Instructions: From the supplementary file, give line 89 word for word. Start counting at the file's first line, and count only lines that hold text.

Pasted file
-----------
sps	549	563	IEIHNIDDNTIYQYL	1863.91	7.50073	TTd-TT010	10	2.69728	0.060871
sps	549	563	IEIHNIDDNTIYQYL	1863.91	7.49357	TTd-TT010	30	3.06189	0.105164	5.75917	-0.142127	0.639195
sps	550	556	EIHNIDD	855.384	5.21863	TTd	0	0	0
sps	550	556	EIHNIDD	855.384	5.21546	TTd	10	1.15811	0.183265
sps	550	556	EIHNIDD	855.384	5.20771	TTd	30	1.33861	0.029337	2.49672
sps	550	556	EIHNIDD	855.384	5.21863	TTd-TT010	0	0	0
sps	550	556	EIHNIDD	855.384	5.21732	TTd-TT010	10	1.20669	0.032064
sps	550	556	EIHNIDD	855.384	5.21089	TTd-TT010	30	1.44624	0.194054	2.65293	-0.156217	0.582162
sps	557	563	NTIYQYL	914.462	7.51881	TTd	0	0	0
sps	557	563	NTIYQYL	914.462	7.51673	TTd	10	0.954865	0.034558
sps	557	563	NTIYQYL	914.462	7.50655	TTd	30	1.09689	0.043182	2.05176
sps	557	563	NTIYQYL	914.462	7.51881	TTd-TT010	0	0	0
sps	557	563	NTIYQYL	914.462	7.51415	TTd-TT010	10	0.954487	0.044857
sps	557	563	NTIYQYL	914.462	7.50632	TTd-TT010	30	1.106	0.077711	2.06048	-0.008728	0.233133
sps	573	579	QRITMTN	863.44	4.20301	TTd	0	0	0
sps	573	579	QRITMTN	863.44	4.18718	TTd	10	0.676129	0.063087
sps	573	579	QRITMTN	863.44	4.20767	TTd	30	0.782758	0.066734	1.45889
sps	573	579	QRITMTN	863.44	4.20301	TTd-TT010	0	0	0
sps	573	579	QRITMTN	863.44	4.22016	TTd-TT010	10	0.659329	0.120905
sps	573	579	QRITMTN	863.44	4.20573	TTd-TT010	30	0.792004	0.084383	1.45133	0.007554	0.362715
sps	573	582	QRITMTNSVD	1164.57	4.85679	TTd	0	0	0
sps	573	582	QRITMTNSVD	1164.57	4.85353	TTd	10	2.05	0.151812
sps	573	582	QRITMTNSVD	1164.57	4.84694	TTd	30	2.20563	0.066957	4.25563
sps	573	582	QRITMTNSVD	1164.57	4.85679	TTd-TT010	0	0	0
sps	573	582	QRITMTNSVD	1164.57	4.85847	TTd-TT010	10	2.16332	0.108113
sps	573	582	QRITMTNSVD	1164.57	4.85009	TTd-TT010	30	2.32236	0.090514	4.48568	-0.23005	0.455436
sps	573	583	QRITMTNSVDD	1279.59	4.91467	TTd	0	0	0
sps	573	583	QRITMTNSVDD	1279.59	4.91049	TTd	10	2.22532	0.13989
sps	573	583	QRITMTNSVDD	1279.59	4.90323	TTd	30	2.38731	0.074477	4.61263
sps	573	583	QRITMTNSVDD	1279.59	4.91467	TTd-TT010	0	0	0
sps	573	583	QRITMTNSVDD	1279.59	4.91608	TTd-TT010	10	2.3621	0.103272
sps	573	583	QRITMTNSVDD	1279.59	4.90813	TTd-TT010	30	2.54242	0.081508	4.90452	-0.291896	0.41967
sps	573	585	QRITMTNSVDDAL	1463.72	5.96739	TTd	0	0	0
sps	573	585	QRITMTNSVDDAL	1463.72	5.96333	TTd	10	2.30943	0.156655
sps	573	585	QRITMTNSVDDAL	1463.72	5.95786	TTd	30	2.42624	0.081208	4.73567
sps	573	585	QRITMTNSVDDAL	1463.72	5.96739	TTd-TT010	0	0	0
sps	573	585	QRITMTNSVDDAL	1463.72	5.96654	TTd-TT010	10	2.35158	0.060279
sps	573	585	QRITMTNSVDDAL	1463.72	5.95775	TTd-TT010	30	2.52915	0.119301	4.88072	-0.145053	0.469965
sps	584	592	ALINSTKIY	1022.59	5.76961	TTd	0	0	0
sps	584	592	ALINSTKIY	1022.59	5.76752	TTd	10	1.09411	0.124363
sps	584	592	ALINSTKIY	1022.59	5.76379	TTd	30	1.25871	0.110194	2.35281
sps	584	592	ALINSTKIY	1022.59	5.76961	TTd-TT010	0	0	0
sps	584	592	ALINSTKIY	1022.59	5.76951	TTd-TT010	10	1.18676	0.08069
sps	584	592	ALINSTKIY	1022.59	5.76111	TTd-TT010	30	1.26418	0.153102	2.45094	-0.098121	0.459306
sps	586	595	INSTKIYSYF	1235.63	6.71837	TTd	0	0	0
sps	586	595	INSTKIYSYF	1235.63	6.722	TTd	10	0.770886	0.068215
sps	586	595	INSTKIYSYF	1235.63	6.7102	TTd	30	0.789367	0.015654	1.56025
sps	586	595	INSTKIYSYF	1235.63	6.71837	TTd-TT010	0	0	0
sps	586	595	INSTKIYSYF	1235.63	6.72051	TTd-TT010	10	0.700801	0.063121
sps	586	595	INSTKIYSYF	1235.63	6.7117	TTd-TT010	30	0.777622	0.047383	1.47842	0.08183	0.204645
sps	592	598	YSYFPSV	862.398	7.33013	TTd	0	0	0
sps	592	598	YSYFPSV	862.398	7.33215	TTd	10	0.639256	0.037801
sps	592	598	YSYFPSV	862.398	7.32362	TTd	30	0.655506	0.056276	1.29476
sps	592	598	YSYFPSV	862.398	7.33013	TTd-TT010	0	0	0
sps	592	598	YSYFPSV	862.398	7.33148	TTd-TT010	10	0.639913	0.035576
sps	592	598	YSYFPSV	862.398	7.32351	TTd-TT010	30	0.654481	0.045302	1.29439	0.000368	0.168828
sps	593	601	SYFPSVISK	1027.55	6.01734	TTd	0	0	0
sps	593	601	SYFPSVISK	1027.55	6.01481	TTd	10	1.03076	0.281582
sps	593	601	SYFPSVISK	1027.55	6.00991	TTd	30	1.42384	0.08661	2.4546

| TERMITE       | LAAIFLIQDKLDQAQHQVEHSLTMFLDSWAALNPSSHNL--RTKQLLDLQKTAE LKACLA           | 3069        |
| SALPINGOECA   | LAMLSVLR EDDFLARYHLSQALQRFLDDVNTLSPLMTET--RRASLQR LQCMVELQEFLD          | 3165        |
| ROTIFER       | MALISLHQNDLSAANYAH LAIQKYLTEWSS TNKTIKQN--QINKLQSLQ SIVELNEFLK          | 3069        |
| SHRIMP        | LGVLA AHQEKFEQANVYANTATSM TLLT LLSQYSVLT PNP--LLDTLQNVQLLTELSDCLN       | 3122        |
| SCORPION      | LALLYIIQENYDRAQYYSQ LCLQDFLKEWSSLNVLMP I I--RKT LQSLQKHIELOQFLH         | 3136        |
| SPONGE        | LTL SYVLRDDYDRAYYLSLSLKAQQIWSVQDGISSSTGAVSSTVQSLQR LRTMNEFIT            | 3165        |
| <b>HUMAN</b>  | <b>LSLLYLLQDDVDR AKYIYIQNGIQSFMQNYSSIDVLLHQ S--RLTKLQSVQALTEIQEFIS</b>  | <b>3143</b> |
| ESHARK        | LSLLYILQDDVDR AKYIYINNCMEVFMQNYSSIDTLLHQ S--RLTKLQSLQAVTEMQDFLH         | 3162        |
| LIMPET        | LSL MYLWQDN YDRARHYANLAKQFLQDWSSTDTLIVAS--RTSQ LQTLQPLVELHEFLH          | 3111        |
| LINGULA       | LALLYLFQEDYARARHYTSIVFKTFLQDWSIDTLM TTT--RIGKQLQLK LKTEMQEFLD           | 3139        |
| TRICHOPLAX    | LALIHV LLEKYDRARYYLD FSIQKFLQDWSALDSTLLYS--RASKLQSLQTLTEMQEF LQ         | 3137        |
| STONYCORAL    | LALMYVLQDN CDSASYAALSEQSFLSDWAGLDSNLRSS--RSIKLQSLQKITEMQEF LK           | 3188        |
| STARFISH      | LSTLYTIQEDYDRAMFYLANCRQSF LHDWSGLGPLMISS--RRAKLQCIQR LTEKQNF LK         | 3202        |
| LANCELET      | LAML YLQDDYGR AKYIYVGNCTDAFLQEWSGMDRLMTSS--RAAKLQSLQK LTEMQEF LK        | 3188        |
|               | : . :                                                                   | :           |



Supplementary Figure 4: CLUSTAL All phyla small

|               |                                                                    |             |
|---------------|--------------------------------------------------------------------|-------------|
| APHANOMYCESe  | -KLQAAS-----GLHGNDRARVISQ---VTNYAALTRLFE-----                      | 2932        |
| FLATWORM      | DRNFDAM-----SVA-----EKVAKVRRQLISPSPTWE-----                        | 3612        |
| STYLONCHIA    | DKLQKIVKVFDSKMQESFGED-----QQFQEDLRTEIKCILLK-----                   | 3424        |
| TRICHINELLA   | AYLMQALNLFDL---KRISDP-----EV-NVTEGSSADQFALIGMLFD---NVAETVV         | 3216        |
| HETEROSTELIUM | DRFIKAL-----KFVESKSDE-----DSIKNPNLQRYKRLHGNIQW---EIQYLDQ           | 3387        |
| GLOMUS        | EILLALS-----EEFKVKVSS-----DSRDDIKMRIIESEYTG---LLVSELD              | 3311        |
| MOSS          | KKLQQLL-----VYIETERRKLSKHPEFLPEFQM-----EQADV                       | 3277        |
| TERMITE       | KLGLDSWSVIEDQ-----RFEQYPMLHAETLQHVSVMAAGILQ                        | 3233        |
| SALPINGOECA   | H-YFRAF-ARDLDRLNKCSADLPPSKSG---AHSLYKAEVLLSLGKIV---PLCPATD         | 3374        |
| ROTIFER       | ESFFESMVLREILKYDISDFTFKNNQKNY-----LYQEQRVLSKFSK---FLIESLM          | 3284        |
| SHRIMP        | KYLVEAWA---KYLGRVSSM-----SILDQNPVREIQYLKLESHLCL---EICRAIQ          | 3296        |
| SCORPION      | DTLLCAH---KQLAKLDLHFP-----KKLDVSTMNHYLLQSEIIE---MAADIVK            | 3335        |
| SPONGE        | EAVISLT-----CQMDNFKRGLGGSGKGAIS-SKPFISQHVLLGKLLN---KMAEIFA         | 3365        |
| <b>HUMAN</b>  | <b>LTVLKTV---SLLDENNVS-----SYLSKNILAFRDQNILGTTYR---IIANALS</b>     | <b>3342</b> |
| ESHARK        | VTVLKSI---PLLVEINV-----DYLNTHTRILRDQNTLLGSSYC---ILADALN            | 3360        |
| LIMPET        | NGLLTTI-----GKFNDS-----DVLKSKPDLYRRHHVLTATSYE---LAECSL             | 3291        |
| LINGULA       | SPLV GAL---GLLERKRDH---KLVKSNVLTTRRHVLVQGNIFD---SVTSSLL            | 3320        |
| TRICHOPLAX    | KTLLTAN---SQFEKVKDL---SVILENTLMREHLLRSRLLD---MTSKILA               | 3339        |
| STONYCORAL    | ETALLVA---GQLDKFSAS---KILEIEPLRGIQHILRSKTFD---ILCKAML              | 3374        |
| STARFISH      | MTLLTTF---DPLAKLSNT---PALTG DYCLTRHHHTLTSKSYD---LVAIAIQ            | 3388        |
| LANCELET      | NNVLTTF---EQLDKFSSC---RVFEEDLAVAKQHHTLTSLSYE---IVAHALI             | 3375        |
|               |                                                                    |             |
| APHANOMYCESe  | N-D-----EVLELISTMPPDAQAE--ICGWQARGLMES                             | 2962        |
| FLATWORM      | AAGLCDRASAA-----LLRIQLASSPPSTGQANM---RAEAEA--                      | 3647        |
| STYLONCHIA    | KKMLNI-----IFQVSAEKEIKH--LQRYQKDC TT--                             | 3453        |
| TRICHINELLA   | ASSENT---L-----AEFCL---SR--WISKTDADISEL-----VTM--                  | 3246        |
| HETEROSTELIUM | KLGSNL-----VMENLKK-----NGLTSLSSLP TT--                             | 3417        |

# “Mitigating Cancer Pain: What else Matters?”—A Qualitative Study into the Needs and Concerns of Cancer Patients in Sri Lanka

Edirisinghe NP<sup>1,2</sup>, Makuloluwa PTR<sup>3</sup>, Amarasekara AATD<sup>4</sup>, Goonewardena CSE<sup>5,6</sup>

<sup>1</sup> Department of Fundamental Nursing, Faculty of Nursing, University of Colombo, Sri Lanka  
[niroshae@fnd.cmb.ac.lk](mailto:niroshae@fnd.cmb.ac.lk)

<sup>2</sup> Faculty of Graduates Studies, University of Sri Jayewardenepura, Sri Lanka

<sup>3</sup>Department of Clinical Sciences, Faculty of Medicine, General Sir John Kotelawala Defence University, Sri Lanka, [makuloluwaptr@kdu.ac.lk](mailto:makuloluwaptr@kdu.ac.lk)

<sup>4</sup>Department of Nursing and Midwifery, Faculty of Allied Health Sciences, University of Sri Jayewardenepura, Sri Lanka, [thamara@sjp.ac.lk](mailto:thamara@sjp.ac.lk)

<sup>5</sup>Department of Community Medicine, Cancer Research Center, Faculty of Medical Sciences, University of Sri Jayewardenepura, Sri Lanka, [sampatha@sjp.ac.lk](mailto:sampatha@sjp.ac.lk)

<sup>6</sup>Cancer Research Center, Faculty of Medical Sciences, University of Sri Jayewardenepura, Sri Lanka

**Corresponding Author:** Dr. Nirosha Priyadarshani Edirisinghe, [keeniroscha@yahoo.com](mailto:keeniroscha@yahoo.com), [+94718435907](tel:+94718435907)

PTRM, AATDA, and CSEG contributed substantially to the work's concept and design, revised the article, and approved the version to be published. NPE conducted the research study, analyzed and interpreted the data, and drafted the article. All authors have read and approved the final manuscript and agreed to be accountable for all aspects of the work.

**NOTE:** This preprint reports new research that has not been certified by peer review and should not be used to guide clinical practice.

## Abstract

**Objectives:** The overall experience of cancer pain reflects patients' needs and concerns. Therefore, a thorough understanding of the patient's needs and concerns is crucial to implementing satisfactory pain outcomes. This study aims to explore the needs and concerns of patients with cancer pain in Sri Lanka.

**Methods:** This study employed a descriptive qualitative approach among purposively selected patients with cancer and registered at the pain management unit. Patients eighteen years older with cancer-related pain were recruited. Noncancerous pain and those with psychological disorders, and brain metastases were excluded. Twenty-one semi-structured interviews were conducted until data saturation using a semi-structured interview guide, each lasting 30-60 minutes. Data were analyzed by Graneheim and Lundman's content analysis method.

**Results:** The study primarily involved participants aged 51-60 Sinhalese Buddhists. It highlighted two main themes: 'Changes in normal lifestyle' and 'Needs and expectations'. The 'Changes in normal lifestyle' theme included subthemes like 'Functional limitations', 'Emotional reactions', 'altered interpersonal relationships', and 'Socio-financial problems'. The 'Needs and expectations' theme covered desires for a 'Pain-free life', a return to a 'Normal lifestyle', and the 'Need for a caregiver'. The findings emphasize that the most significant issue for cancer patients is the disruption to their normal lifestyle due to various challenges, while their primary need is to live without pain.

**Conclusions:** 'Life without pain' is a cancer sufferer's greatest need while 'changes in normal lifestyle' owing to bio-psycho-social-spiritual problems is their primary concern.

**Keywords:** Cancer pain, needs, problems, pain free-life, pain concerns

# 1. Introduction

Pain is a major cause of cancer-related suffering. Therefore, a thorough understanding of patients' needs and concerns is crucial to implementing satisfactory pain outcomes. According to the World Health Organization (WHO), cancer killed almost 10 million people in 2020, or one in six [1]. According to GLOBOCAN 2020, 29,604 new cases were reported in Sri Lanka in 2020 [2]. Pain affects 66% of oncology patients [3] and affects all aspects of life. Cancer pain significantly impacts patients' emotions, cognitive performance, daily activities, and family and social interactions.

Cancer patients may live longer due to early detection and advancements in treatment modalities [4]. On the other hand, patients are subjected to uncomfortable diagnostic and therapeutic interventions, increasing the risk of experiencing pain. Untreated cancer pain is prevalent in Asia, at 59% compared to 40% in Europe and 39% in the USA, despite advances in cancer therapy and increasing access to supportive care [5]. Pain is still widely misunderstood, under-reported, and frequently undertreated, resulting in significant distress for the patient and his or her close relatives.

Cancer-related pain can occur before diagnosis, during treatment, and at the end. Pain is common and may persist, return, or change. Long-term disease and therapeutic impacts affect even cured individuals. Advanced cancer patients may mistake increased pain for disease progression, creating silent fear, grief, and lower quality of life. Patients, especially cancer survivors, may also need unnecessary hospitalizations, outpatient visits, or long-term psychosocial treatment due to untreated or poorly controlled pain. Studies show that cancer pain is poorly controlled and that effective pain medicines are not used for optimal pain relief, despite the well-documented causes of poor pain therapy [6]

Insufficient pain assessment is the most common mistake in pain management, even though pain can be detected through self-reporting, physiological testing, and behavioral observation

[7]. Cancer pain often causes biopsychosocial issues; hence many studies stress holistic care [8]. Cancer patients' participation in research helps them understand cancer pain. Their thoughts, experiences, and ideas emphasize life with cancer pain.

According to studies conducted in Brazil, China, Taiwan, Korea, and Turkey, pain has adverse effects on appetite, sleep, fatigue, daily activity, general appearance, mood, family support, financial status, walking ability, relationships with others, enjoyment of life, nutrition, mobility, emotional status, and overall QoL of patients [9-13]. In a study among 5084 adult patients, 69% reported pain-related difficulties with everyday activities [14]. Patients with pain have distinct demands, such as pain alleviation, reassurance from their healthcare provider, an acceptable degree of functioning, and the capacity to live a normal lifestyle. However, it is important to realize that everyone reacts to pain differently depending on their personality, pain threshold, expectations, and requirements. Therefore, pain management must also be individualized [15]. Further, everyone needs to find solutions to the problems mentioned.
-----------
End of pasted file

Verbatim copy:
| SCORPION      | DTLLCAH---KQLAKLDLHFP-----KKLDVSTMNHYLLQSEIIE---MAADIVK            | 3335        |